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Ebola outbreak an international problem - WHO

The World Health Organisation (WHO) has declared the Ebola outbreak to be an international public health emergency that requires an extraordinary response, as a Spanish priest who was infected with the disease was treated in Madrid.

The WHO announced the Ebola outbreak - the largest and longest in history - is worrying enough to merit being declared an international health emergency.

WHO declared similar emergencies for the swine flu pandemic in 2009 and for polio in May.

WHO chief Dr Margaret Chan said the announcement is "a clear call for international solidarity".


"Countries affected to date simply do not have the capacity to manage an outbreak of this size and complexity on their own. I urge the international community to provide this support on the most urgent basis possible," she said,.

The agency convened an expert committee this week to assess the severity of the epidemic.

The current outbreak of Ebola began in Guinea in March and has since spread to Sierra Leone and Liberia. There is no licensed treatment or vaccine for Ebola and the death rate has been about 50pc.

The impact of the WHO declaration is unclear as a similar announcement made about polio does not yet seem to have slowed the spread of virus.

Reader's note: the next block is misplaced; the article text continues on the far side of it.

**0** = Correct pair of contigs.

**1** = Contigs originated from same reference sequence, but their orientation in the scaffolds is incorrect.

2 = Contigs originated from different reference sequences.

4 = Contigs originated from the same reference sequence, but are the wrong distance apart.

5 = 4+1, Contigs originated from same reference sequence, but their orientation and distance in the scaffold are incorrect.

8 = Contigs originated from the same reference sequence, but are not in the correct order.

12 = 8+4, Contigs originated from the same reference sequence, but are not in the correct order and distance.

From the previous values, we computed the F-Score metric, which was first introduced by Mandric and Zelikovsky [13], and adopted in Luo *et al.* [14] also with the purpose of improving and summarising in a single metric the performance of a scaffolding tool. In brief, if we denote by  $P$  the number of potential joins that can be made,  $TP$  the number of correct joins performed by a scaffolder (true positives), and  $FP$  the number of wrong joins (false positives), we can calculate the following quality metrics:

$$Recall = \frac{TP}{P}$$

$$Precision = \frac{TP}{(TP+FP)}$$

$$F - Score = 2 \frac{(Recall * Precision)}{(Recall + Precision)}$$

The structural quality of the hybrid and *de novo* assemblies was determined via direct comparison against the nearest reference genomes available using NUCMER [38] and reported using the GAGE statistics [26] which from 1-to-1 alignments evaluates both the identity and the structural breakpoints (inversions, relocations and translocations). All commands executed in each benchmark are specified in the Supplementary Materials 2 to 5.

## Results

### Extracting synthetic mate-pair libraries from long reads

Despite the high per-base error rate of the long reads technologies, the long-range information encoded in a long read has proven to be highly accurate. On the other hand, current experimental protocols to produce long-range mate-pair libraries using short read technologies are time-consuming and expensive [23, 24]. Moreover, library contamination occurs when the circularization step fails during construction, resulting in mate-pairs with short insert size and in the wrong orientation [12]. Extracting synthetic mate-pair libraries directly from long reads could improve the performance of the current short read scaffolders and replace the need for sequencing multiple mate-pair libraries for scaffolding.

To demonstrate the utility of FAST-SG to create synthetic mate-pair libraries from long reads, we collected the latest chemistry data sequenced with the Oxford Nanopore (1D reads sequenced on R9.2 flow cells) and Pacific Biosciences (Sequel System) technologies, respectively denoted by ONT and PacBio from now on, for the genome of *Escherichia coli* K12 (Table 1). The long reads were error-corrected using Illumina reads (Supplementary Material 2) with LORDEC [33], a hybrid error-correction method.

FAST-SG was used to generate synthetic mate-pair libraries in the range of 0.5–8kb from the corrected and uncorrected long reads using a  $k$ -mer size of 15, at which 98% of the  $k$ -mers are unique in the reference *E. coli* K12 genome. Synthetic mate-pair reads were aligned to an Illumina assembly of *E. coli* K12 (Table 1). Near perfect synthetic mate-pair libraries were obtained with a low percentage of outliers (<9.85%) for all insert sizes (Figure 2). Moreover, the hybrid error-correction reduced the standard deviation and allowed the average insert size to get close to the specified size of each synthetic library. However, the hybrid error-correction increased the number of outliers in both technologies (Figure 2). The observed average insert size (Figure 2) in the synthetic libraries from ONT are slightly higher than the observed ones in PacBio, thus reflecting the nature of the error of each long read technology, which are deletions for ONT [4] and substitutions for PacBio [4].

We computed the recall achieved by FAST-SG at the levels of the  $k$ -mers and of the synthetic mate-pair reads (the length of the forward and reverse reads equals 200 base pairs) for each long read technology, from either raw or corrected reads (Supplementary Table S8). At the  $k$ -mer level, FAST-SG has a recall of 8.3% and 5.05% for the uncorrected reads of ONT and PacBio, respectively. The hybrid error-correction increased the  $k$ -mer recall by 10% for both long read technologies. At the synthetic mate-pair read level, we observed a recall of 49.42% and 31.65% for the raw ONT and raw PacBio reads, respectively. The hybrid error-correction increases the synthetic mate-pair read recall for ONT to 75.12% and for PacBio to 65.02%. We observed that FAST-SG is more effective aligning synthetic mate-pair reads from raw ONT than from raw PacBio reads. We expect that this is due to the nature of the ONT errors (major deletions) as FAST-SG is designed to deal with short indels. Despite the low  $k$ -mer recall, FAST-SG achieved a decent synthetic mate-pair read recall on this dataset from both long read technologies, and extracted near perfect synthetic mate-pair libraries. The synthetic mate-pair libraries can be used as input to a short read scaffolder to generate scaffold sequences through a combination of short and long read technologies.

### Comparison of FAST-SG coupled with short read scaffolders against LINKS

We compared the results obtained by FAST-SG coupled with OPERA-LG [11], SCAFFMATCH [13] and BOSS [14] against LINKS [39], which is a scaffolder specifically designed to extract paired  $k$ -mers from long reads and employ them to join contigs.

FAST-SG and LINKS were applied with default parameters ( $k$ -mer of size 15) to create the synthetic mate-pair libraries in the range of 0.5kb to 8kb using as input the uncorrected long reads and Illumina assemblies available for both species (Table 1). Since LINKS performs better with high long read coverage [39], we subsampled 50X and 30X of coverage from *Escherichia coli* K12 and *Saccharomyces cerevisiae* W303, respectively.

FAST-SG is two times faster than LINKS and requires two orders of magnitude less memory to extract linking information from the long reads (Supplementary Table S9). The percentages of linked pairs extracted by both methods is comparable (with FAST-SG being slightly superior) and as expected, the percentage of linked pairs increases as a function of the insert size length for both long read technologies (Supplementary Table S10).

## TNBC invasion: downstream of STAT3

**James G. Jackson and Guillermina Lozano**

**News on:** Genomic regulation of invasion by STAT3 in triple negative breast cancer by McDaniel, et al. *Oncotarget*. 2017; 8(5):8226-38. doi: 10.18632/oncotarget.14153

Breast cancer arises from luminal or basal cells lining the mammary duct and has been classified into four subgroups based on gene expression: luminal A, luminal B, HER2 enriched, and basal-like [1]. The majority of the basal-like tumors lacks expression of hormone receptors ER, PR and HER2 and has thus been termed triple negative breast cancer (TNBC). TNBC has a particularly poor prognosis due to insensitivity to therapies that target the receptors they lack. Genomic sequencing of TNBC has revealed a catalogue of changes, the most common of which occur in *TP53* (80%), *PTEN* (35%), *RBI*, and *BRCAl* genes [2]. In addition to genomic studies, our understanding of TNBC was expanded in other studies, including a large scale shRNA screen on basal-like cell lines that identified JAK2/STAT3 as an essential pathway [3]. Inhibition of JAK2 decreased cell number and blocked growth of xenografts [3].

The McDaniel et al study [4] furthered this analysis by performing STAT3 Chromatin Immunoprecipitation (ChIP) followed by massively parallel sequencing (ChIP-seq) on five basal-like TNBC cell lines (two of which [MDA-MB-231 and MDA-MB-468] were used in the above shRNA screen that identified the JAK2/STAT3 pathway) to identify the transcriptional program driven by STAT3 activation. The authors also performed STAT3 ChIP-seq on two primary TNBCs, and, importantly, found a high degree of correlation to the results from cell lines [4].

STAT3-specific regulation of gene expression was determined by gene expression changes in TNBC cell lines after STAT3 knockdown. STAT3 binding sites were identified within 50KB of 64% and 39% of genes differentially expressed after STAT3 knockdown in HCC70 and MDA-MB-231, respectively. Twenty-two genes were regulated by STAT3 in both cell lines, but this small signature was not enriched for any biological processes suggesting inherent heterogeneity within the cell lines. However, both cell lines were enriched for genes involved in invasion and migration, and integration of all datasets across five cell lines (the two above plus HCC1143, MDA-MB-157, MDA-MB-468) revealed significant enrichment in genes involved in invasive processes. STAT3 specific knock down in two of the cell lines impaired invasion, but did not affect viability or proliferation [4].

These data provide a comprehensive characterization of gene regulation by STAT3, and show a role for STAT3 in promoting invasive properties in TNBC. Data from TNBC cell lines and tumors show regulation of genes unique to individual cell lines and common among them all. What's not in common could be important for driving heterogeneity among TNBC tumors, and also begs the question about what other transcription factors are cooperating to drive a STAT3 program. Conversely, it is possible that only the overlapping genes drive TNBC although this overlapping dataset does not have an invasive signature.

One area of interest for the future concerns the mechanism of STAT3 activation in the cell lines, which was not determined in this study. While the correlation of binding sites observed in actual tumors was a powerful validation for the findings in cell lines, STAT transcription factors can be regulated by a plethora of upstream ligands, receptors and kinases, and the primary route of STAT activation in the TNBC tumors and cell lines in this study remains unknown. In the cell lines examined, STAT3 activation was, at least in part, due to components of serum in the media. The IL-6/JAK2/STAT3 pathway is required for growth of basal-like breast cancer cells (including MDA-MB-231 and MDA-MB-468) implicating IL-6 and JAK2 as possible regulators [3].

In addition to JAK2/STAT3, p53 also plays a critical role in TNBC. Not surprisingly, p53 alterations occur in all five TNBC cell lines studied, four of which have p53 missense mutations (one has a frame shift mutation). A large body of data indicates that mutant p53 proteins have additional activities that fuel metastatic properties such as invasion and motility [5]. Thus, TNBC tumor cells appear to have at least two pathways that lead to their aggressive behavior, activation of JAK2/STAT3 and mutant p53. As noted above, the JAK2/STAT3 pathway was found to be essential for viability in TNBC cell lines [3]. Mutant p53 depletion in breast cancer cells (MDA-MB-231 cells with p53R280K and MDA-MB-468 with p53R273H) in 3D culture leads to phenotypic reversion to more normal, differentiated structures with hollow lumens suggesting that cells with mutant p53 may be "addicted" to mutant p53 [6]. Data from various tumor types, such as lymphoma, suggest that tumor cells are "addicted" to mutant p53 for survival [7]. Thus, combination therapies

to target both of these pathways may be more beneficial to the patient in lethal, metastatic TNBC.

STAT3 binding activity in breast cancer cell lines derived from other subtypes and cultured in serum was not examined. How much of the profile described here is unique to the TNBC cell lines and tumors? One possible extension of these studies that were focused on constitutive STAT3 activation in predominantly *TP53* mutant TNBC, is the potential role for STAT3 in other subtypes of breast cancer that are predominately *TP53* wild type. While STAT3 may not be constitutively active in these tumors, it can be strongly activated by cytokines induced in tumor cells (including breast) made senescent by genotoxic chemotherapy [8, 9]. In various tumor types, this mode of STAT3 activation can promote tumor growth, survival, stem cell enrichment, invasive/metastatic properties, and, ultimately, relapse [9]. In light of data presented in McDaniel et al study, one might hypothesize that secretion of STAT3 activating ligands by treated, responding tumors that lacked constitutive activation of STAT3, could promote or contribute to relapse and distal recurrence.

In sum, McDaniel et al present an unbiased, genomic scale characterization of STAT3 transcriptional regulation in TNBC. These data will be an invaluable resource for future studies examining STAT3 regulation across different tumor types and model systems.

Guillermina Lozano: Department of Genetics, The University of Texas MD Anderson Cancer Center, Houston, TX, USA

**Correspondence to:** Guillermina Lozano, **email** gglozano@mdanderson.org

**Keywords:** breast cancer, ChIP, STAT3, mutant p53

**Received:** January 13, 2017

During a WHO meeting last week to reconsider the status of polio, experts noted that countries had not yet fully applied the recommendations made in May, there have been more instances of international spread, and outbreaks have worsened in Pakistan and Cameroon.

In the United States, the Centres for Disease Control and Prevention (CDC) have already elevated its Ebola response to the highest level and it has recommended against travelling to West Africa.

Yesterday, CDC director Dr Tom Frieden told a Congressional hearing that the current outbreak is set to sicken more people than all previous outbreaks of the disease combined.

Meanwhile, the Spanish missionary priest who tested positive for the Ebola virus is in a stable condition at a Madrid hospital after being evacuated from Liberia.

Miguel Pajares (75) was helping to treat people infected with Ebola and was one of three who tested positive at the San Jose de Monrovia Hospital in Liberia earlier this week.

Juliana Bohi, an Equatorial Guinean nun with Spanish nationality who worked with him, was also brought back but she is not infected.


Both worked for the San Juan de Dios hospital order, a Catholic humanitarian group that runs hospitals around the world.

Mr Pajares and Ms Bohi are being kept in isolation at the Carlos III centre in Madrid, which is run by La Paz hospital.

They arrived at a military air base near Madrid and were strapped to stretchers enclosed by transparent capsule-like tents that were pushed by personnel in protective white suits wearing masks.

Senior regional health official Antonio Alemany said Mr Pajares did not have a fever and the prognosis was good.